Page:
Roop is a village girl in Punjab, India, in 1937. The coming partition between India and Pakistan is going to change the world she lives in forever, but she has more immediate concerns. Her mother is dead and her father deep in debt, so it is with elation that she learns she is to become the second wife of a wealthy Sikh landowner, Sardarji, twenty-five years her senior. Sardarji's first wife, Satya, is forty-two years old and has failed to bear him any children. Roop initially believes that Satys will treat her as a sister, but their relationship becomes far more complicated and ominous as they begin to struggle for control over the children to be born and for the affections of their husband.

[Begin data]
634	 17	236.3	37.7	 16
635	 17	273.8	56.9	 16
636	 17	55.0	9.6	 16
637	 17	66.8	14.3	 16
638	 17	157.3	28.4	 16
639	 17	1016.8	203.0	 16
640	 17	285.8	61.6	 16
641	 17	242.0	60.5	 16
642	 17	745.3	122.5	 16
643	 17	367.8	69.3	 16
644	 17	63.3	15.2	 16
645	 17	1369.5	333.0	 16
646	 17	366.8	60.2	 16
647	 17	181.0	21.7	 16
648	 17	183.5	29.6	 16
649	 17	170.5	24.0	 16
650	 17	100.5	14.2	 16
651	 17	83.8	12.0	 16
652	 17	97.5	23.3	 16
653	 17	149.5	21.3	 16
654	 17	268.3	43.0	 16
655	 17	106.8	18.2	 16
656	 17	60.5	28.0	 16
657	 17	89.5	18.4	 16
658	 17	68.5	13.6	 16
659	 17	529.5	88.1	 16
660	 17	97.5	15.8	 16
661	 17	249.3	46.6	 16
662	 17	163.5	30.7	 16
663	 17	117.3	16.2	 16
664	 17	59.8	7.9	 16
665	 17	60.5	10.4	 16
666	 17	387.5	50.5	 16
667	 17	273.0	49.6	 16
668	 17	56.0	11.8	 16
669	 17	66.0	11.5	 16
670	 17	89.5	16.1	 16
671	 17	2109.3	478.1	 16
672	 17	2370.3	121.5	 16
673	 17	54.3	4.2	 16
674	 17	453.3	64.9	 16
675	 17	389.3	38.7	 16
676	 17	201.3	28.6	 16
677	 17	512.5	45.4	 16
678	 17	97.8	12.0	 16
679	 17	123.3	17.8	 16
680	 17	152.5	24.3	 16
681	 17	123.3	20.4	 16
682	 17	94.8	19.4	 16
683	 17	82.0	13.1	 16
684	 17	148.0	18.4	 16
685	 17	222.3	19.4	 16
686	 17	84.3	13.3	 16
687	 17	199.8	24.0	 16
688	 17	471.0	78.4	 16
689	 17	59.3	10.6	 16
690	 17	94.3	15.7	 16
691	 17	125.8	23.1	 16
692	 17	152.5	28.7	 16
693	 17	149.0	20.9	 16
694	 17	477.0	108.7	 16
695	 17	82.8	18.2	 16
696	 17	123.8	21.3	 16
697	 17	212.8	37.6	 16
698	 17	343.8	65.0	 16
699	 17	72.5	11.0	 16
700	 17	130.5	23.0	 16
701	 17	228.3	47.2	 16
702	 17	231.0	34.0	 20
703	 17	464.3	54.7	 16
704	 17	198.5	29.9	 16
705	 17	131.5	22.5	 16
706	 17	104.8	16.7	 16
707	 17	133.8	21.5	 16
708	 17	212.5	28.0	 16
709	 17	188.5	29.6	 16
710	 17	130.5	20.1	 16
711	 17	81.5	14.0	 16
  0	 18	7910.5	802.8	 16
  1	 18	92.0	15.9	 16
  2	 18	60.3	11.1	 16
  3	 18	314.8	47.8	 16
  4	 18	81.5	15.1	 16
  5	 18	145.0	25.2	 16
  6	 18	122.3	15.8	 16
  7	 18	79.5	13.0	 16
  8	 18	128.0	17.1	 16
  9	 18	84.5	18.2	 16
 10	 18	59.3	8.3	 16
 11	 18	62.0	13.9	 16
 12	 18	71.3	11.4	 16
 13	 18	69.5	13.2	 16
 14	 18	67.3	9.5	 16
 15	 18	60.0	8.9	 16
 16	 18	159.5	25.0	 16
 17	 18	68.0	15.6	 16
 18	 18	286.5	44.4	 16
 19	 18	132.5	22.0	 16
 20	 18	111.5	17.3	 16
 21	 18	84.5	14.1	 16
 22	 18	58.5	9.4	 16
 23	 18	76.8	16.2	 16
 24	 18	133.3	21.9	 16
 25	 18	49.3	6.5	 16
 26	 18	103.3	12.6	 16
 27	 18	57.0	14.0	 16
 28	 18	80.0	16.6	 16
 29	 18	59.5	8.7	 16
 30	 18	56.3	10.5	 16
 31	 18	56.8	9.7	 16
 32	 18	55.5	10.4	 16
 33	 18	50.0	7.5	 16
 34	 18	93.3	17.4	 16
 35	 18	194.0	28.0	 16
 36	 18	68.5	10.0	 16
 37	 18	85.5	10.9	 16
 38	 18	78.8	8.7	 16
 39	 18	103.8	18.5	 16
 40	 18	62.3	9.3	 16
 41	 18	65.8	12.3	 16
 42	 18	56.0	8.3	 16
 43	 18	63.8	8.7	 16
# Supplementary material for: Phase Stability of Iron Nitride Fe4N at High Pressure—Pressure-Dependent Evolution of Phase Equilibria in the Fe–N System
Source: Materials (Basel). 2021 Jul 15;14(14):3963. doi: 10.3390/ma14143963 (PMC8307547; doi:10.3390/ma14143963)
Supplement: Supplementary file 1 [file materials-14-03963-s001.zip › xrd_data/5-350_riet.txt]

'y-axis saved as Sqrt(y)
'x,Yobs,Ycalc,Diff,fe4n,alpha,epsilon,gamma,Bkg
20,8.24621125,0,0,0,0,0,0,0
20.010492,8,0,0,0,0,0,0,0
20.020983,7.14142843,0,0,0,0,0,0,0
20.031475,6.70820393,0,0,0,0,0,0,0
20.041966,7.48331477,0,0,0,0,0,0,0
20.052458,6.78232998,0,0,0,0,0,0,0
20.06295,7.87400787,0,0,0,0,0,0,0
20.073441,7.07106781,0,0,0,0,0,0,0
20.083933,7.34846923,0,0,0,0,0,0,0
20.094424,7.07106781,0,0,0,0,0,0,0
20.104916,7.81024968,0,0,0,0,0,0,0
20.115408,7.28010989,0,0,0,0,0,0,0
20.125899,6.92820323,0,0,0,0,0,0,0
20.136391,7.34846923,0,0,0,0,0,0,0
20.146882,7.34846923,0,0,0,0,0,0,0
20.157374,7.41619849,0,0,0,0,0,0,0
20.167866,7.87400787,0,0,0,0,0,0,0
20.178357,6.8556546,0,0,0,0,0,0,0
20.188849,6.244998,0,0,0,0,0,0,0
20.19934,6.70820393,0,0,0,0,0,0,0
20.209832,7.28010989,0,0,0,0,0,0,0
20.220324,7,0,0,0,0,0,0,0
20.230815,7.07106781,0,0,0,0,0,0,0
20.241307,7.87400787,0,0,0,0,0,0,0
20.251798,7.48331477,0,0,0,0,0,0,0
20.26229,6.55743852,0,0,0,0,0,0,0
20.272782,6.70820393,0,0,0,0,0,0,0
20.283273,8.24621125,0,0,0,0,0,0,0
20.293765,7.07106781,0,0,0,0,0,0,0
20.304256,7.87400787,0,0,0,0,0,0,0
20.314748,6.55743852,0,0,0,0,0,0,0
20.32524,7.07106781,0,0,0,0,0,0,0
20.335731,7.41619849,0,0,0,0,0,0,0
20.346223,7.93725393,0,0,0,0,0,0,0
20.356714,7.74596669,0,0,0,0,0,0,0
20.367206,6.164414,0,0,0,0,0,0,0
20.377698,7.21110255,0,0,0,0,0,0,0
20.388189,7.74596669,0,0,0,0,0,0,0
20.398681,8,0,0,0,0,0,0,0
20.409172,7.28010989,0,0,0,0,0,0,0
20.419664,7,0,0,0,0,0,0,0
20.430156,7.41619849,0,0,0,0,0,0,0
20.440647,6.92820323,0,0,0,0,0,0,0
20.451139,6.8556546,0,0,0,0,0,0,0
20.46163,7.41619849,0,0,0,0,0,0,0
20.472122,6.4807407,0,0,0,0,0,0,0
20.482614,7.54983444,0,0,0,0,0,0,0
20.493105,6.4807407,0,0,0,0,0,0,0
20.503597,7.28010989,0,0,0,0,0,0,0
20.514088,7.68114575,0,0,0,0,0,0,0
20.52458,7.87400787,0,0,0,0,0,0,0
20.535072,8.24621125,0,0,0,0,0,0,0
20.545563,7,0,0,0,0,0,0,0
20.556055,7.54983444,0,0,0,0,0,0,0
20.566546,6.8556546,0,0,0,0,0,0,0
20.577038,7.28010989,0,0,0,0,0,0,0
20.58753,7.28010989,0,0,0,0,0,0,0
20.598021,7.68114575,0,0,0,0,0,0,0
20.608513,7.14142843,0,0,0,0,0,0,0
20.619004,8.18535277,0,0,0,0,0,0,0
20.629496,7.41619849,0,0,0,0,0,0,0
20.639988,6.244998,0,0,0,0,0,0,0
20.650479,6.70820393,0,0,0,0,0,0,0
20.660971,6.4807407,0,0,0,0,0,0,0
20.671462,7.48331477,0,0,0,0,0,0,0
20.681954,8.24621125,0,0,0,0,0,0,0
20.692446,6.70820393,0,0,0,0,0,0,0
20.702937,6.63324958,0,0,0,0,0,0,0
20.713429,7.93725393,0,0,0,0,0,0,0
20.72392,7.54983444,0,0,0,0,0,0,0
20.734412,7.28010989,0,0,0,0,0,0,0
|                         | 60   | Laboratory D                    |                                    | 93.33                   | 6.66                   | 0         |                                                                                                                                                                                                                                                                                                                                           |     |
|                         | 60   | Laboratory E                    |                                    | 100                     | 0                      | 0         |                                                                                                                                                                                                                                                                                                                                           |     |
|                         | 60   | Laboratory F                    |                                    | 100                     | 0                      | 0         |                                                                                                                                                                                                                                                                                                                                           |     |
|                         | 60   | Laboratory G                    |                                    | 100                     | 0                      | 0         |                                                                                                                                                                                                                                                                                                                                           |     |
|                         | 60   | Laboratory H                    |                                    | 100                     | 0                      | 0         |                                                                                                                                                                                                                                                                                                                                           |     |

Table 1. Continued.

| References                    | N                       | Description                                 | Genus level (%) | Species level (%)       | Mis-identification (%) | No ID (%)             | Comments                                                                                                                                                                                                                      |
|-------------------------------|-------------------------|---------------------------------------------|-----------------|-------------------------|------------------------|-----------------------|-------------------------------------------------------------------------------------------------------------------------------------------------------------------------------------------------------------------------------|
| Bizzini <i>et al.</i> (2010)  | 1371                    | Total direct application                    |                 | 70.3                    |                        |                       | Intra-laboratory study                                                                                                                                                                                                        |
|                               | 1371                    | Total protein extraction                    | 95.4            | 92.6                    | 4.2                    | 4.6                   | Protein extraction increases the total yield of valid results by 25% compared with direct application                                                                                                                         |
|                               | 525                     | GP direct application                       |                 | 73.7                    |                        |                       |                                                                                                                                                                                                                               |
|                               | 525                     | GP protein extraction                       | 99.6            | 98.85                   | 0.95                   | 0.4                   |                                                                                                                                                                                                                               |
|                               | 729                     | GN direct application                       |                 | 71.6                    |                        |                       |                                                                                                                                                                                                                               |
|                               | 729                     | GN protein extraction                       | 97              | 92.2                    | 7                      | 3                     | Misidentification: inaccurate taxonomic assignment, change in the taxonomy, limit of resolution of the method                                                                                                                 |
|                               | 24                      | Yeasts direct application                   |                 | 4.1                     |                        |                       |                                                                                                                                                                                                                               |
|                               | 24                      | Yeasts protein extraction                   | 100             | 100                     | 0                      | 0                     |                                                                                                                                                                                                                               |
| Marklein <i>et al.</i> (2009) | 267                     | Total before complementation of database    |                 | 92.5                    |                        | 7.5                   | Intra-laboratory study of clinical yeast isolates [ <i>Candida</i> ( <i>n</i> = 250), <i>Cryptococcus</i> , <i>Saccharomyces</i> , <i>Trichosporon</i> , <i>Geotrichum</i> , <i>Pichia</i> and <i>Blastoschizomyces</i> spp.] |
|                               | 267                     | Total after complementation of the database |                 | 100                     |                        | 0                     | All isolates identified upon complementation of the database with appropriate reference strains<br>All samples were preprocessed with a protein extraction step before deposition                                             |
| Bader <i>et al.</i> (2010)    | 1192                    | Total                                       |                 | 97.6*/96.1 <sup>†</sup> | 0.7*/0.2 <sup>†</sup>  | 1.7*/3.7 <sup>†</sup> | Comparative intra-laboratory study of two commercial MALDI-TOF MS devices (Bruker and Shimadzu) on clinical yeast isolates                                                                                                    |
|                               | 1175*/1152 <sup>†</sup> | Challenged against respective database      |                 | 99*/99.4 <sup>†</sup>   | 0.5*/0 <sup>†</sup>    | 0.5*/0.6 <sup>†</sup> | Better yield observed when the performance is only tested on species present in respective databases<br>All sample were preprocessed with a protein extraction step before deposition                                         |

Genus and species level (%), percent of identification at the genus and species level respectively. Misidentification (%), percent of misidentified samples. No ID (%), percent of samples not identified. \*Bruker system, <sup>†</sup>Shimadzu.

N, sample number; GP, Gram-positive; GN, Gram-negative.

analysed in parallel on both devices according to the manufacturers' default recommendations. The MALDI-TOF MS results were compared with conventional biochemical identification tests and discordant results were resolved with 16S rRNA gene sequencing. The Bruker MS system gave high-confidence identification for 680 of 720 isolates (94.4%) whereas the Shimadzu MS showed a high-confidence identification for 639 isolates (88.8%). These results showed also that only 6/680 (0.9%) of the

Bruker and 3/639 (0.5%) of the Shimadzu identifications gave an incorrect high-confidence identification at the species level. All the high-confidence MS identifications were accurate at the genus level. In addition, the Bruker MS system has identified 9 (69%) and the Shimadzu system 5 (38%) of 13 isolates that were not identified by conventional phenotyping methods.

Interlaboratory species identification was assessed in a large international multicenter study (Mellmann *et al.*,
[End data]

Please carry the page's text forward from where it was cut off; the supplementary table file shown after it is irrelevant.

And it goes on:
The dramatic and brutal story behind the 1947 partition of India, as played out in the region of Punjab, is the compelling backdrop for this stunning first novel that entwines the fate of three remarkable characters: Sardarji, a wealthy Sikh landowner whose heart is in India, but whose head is in England; Satya, his constantly scheming, feisty wife who lives for her husband but cannot give him children; and Roop, Sardarji's second, much younger wife, married for the express purpose of providing the family with an heir. Intensely atmospheric, the novel contains lyrical descriptions of daily life in a village with dusty fields of maize and clusters of homes; the cinnamon, anise and fennel smell of Satya's kitchen; Sardarji's Oxfordian attire and his spindly-legged English furniture. Baldwin, who grew up in India, skillfully creates an exotic milieu where women are sheltered from the outside world and struggle for influence over their families. As headstrong Satya, more involved in her husband's affairs than most of her peers, and demure Roop, trained to exercise traditional feminine wiles, battle for Sardarji's favor and the children Roop soon produces, Sardarji is increasingly distracted by the furor over independence and the future of the Indian state. Baldwin achieves an artistic triumph on two levels, capturing the churning political and religious history of modern India and Pakistan as she explores memorable transformations: of Satya, from a dominating force in her family to a lonely outsider; of Sardarji, from an idealistic, ambitious engineer to a hardened, more realistic civil servant; and finally, of Roop, from an arrogant, self-centered daughter to a selfless wife and mother who becomes the backbone of her family. 6-city author tour; simultaneous publication in the U.K. and Canada; rights sold in Germany, Italy, France. (Oct.) Copyright 1999 Cahners Business Information.